some interesting things I’ve discovered about my new place:
This used to be a town. Everything burned down except for the church, which explains why it’s in the middle of nowhere.
The lumber baron who started the town and built the church had an interest in horticulture. He cultivated his own variety of lilacs, naming them after himself and the now non-existent town. These lilacs grow on both sides of the front door. Lilacs are my favorite flower, and I can’t wait to see the color. I’m guessing white, but I’m hoping for lavender.
I haven’t run into anybody in the area who can tell me anything about the history of this place or the history of the family who built the town and church, but I’ve found some info online. Here is just a small section of the founder’s bio that covers the later years of his. It looks like he semi-retired and lived out his final years here. I know the church was built in 1895, so that fits the bio. It’s so strange to think of someone buying ground and building a town in just a few years. He and his wife had one son who was always in poor health. At one point they moved to California hoping that the weather would improve the child’s health, but the son died and it sounds like both parents were never quite the same after that.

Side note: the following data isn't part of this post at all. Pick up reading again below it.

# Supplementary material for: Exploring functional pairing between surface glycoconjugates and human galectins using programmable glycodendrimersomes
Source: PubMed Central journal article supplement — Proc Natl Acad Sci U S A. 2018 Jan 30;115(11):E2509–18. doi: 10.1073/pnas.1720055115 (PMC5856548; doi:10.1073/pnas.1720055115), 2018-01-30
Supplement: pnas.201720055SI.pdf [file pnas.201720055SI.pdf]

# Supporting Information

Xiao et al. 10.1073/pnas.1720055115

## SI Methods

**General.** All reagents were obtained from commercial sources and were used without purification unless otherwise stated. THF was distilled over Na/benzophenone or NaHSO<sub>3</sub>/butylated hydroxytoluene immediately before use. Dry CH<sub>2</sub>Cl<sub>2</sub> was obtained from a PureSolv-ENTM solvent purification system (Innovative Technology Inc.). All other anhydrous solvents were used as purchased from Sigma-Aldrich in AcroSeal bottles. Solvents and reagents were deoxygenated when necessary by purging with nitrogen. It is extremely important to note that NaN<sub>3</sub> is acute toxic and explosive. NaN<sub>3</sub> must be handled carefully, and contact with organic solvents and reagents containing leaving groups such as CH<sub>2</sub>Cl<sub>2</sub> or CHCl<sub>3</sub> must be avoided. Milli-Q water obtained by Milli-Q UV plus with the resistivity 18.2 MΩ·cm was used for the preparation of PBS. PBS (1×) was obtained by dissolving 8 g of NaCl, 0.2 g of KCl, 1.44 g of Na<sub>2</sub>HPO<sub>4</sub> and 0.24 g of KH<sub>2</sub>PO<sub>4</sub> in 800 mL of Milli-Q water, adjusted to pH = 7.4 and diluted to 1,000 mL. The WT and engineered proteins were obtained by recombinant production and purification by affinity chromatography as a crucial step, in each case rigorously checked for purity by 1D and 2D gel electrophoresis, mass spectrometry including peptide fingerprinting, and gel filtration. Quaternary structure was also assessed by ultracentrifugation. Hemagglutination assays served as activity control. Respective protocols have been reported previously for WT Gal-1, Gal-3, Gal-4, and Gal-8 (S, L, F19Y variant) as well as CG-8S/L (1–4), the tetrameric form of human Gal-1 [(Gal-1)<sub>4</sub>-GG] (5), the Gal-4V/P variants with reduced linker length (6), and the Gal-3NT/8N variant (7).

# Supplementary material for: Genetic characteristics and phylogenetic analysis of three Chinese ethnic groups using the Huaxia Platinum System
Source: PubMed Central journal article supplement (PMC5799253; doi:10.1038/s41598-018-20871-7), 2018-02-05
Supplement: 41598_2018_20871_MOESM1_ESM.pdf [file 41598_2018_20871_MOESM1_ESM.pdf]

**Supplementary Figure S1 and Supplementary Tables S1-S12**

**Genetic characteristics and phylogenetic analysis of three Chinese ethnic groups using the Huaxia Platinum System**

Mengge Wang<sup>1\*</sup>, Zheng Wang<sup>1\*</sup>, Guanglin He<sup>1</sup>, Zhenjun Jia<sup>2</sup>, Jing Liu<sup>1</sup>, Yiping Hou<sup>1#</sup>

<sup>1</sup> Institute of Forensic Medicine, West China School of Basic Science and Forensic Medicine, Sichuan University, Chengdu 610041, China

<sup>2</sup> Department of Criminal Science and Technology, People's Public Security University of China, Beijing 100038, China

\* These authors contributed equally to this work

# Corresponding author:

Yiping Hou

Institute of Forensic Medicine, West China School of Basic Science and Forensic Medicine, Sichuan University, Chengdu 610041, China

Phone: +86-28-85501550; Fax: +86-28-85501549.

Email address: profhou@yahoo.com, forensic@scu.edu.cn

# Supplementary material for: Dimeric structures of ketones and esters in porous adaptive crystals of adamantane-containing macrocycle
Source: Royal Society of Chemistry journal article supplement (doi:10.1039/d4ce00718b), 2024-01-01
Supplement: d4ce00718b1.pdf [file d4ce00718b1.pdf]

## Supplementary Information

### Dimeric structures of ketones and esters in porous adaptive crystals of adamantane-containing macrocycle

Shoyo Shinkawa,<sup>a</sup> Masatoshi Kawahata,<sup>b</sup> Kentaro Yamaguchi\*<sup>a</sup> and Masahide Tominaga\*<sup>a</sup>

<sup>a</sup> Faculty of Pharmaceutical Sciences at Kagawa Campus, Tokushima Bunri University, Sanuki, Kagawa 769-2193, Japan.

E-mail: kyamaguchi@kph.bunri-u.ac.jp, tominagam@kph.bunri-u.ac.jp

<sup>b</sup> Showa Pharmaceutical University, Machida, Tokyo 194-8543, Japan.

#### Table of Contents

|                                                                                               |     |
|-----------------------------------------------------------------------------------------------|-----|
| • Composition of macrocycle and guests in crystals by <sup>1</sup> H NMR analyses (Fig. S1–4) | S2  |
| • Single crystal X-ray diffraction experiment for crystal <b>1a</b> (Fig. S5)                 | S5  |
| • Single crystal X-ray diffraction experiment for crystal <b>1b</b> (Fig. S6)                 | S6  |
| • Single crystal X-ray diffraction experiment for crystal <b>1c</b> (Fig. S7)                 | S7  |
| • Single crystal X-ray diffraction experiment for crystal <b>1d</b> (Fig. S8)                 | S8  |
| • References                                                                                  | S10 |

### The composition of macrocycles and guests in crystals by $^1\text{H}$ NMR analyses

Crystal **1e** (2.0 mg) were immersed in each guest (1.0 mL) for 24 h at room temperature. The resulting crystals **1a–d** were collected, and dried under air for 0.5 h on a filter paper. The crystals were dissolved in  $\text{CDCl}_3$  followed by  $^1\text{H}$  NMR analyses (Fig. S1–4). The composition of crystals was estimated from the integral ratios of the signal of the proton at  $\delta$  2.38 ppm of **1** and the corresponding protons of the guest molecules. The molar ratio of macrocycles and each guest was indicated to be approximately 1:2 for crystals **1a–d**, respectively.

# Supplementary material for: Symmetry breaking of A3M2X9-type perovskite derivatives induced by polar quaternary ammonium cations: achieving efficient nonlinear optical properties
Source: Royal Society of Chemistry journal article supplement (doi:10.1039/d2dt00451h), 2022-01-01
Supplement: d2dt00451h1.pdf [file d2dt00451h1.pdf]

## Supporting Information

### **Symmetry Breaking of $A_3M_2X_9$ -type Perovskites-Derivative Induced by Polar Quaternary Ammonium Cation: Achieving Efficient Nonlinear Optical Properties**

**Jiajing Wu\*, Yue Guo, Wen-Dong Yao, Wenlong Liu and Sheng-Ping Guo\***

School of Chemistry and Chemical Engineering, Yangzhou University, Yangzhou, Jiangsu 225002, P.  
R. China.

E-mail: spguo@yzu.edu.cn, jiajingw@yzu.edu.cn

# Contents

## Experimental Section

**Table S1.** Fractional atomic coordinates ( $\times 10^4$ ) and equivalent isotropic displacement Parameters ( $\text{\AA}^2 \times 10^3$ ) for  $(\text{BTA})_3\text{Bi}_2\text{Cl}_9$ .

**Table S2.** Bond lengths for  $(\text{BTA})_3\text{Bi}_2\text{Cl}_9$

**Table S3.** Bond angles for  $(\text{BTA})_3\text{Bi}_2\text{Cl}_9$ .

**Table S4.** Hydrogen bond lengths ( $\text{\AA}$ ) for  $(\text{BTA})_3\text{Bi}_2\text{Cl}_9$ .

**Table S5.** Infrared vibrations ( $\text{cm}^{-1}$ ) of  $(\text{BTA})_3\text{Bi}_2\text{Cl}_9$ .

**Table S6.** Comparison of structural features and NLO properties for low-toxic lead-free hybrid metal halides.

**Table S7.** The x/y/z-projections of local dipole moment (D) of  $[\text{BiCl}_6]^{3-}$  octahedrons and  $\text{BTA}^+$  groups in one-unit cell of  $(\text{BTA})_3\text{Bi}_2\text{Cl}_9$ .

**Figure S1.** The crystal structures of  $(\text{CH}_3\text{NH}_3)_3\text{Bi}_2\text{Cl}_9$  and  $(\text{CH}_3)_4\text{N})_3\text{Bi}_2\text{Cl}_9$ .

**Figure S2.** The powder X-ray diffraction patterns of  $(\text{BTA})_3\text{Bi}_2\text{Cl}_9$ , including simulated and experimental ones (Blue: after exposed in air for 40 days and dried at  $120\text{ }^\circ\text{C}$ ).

"In 1892 he purchased a larger tract of hardwood timber. Here he gave his attention to the manufacture of railway material, chiefly crossties and car stock. Besides his own mill he controlled the output of many smaller mills, which business he conducted for several years, from 1895 to 1899. He passed away June 22, 1903, at his residence in Wis., and his body was taken to Santa Rosa, Cal., for burial at the side of his son. His health failed him during the last five years of his life, though most of the time he was fairly well and able to attend to his business. During the last three years only the care of the farm engrossed his attention. There he seemed most happy since he was particularly fond of animals and outdoor life. Two weeks before his death he had a slight paralysis of his left side, apparently of a few hours' duration. He sat up and read thereafter every day until the end came. His charities were large and unostentatious. He maintained a free hospital bed without disclosing his name, gave liberally to other hospitals, and assisted several young men to an education and in business. He was a large-hearted, generous, kind considerate man, a noble citizen, endeared to his family." Of him it was also said: "No man in the great Northwest more deserved success and none has left a more honorable record."